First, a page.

Distributed Energy Production

Long term solutions to power society should be sustainable, clean, safe, and affordable; but all of these descriptors are relative. Sustainable has the least wiggle room in its definition. Fossil fuels which took 100s of millions of years to accumulate, but are being consuming over a century or two obviously don’t qualify. For that matter they are neither clean, safe, nor affordable if consideration is given to all the hidden costs of health care and environmental degradation.

Large hydropower facilities are generally thought of as clean and affordable, but how about sustainability and safety? Large scale hydropower sites, dams with lakes behind them, don’t exist forever. Depending on the facility, life spans of 50 to 100 years seem to be an average. The reason is simple, rivers carry more than just water, they also move silt. Eventually the dam site will fill with silt. After time silt accumulates, filling in the reservoir.

The silt can be dredged out but that can become a large expense, impacting affordability. Hoover Dam, because of it size, and more importantly the silt trapping effect of Glen Canyon dam above it, has a projected life time of several centuries.

What about dam safety? Actually catastrophic failures are not unheard of. In the last 10 years in the United States alone close to 200 dams have failed. Obviously living downstream of a dam is not the safest place to be. One dam failure in 1975 in China resulted in 26,000 deaths due to flooding and another 146,000 deaths due to illness and famine.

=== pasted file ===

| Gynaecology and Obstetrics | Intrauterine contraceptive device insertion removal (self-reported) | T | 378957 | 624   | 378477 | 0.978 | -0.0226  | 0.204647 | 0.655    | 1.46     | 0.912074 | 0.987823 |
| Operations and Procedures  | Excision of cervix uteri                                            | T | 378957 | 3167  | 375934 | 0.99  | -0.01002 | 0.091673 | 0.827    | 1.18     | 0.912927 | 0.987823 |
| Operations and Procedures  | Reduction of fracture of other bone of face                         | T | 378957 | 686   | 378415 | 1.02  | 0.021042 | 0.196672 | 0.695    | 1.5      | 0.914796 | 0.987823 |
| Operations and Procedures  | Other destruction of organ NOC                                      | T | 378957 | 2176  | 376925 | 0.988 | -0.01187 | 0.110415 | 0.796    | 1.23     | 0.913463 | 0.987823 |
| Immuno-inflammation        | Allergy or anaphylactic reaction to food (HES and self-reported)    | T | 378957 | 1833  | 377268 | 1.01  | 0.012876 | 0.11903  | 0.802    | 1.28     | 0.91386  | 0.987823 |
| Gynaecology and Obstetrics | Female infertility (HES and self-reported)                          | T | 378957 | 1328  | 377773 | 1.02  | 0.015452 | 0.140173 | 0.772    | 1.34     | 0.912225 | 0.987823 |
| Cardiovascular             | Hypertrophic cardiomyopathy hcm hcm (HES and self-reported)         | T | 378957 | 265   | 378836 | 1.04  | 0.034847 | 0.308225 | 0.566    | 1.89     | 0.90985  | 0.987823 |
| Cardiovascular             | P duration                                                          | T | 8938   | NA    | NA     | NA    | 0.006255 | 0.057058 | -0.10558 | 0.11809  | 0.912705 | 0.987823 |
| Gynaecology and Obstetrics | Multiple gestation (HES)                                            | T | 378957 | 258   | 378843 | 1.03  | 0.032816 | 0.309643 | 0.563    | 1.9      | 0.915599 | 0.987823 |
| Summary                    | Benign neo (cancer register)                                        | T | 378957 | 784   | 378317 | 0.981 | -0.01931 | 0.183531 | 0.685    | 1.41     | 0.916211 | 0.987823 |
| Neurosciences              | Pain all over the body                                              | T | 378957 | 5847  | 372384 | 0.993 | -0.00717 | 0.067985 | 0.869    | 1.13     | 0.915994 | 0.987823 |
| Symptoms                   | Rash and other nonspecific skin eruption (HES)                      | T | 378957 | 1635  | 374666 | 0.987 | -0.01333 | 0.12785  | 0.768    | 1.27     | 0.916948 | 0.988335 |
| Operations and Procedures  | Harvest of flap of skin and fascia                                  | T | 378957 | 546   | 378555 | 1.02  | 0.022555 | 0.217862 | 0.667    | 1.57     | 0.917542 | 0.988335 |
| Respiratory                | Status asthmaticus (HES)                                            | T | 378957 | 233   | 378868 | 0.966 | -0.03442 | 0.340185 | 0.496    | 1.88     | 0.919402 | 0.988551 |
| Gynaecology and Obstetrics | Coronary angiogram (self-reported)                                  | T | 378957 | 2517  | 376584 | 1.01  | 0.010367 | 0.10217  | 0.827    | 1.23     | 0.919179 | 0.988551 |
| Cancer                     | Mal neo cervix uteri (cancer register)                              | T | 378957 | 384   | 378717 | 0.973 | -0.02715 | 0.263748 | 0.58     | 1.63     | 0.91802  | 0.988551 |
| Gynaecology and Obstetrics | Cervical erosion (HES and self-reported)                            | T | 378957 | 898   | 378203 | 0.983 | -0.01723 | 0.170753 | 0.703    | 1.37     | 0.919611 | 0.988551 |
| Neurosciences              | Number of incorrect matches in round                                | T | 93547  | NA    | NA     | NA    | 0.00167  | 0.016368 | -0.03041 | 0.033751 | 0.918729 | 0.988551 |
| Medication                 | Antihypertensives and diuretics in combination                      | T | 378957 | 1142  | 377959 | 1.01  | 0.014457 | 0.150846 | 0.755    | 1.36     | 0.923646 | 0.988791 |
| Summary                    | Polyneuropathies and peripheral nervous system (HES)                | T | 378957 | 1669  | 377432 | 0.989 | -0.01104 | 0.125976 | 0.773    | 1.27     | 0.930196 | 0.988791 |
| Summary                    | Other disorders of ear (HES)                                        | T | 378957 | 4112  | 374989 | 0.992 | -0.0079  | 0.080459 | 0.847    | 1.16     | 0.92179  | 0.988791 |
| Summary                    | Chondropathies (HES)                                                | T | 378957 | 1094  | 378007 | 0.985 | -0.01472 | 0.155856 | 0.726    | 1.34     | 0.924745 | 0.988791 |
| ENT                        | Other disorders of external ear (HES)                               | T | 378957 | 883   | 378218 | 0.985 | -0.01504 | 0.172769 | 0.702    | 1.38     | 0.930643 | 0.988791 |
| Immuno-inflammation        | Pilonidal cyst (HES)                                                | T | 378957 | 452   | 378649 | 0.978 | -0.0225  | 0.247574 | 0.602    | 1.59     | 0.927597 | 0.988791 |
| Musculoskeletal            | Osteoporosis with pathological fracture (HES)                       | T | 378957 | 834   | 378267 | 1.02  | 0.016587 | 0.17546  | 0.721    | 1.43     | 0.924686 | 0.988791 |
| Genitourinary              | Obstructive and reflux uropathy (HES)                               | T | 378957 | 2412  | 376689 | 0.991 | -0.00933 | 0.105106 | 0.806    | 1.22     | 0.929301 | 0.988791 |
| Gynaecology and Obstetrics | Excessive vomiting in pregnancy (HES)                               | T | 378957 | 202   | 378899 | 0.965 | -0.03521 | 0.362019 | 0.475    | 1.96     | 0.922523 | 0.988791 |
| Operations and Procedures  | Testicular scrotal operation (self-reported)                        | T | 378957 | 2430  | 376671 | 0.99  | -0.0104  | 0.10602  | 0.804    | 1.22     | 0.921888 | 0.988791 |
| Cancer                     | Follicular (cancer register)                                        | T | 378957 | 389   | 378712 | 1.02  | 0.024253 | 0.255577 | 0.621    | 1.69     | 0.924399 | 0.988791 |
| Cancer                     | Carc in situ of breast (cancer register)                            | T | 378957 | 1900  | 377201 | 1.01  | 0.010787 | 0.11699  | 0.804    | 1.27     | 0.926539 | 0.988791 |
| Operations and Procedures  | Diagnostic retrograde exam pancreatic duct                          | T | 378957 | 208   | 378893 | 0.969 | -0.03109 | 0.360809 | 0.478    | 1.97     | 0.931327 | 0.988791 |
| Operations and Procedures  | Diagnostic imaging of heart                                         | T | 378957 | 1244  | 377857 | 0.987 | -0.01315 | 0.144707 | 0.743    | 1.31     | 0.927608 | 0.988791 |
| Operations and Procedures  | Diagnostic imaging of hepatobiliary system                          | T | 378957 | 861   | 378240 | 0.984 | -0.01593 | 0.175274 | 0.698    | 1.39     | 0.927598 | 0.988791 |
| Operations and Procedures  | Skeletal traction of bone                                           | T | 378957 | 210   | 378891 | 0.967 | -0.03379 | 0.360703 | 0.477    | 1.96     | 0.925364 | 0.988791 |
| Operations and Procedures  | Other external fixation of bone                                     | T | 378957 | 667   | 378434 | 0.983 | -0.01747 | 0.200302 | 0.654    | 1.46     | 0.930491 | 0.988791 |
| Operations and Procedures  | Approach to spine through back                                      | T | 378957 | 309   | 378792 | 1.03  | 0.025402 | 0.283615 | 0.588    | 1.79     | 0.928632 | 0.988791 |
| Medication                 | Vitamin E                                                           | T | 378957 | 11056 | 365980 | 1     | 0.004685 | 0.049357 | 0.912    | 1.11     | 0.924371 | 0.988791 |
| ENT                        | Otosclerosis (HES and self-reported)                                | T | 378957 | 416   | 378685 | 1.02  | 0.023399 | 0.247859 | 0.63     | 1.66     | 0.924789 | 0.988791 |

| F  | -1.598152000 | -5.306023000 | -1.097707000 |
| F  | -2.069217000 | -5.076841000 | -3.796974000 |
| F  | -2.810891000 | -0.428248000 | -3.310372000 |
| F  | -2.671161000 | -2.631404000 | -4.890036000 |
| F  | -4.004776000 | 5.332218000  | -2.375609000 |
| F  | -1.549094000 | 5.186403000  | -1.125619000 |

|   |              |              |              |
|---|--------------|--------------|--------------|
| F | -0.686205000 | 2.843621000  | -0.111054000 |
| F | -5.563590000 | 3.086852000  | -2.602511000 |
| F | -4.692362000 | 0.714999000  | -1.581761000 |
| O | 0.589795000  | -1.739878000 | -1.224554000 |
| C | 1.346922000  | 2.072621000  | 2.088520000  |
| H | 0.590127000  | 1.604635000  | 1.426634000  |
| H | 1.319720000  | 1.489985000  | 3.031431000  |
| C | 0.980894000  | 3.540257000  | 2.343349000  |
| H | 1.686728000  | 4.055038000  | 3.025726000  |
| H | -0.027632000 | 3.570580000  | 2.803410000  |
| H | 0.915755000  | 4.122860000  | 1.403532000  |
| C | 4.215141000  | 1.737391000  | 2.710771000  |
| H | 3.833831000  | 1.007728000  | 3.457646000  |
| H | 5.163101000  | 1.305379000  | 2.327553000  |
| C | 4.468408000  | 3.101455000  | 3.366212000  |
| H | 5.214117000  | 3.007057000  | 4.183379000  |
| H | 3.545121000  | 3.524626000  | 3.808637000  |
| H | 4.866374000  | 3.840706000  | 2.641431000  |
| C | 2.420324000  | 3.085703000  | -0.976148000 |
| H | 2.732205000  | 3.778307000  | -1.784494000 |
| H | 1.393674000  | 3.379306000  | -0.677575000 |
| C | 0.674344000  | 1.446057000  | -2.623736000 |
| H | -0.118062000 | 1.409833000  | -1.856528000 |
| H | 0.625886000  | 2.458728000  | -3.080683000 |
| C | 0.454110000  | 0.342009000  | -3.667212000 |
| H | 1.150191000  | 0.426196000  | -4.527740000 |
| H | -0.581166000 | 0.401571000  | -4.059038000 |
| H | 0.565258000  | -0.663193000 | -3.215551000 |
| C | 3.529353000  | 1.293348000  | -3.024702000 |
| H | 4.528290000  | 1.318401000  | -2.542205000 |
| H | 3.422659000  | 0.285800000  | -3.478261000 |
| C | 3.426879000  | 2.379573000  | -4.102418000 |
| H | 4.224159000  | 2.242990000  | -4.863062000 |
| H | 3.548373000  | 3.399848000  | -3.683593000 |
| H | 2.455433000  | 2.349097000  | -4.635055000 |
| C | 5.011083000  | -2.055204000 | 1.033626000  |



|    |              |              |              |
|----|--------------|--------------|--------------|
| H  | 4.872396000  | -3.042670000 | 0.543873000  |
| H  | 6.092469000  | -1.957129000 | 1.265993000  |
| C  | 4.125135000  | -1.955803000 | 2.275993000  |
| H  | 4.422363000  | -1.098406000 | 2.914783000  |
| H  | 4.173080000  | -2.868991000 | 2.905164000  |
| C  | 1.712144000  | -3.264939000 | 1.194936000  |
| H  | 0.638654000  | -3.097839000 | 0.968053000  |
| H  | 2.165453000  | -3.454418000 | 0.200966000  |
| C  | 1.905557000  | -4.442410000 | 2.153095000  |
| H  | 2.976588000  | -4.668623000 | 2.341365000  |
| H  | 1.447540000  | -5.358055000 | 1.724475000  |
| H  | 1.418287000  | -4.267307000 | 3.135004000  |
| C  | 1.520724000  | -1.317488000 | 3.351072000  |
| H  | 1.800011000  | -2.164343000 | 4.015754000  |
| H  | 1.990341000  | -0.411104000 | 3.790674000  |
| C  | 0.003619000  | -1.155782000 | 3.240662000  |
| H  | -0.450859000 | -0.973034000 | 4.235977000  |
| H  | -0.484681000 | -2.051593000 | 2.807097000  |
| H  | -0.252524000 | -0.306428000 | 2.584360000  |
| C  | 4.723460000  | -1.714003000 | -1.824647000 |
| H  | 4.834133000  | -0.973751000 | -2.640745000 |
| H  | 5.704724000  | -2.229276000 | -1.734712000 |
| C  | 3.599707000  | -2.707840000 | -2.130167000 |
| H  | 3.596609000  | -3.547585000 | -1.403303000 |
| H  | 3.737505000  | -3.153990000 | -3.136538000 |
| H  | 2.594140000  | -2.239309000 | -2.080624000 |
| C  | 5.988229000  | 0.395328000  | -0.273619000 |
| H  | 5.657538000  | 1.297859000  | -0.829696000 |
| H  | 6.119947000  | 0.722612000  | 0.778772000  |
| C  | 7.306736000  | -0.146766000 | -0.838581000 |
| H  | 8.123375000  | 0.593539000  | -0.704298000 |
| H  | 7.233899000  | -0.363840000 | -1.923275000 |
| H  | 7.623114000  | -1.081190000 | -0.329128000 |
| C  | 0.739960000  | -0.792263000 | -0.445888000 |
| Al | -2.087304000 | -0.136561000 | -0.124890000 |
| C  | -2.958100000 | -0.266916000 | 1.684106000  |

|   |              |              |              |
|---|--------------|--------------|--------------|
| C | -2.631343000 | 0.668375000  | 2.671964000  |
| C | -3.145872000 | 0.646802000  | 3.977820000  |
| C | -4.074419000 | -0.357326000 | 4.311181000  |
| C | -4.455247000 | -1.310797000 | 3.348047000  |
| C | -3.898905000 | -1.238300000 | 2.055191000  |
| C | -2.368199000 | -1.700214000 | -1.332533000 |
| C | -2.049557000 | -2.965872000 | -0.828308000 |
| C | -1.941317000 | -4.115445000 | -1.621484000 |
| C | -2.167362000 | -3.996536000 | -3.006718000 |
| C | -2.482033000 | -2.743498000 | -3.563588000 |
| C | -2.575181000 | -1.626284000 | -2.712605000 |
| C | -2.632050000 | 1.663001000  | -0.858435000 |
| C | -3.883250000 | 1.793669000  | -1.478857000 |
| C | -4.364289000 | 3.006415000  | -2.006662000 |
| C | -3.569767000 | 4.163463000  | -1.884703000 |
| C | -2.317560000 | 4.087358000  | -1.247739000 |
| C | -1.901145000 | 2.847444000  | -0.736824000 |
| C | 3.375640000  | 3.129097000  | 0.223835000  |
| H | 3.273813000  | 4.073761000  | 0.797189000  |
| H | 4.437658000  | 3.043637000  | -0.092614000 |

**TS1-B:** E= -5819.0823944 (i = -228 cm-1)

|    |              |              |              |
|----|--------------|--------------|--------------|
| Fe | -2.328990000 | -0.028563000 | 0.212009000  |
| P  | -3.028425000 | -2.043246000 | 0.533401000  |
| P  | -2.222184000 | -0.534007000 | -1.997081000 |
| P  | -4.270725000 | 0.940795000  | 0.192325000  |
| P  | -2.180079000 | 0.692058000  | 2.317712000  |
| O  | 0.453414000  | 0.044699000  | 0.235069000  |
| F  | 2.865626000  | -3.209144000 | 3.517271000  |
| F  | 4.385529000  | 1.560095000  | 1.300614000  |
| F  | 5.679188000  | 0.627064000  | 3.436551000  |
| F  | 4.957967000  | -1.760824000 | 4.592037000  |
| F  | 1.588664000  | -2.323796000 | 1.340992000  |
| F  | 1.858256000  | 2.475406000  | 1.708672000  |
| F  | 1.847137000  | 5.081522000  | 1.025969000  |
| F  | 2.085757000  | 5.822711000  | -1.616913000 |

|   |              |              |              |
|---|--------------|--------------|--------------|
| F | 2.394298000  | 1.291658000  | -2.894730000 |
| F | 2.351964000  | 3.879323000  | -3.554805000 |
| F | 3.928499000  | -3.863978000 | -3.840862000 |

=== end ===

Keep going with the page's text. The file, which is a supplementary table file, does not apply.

Nuclear power is considered by some to be a sustainable energy supply, and as long as everything operates as it should it can be clean and safe. Nuclear power however suffers from the risk of catastrophic consequences when things go wrong.

Three Mile Island suffered a partial core meltdown with minimum release of radioactive material. Three million people live within a 30 radius of the site.

A reactor in Chernobyl, Ukraine caught on fire and burned uncontrollably for days, spewing radioactive material for hundreds of square miles. Radioactivity set of alarms at a reactor site in Sweden within two days.

Damage due to a tsunami caused failure of several reactors at Fukushima and the problems are ongoing. A radioactive plume of seawater is making its way across the Pacific Ocean towards the west coast of North America.

So we are left with wind, solar, and geothermal. They are all sustainable, clean, safe, and compared to the real costs of the alternatives affordable. An especially attractive aspect of these sources is that they are quite diffuse compared to the aforementioned alternatives. Nobody will knock out the grid by flying a plane into tens of thousands of solar arrays, it just can’t be done. A terrorist might take down one wind turbine, but not hundreds in a wind field.

Any centralized power plant can be a target for terrorism. Our energy supplies of the future should be sustainable, safe, clean, and affordable. We should add distributed to the list as very unlikely targets for terrorism.

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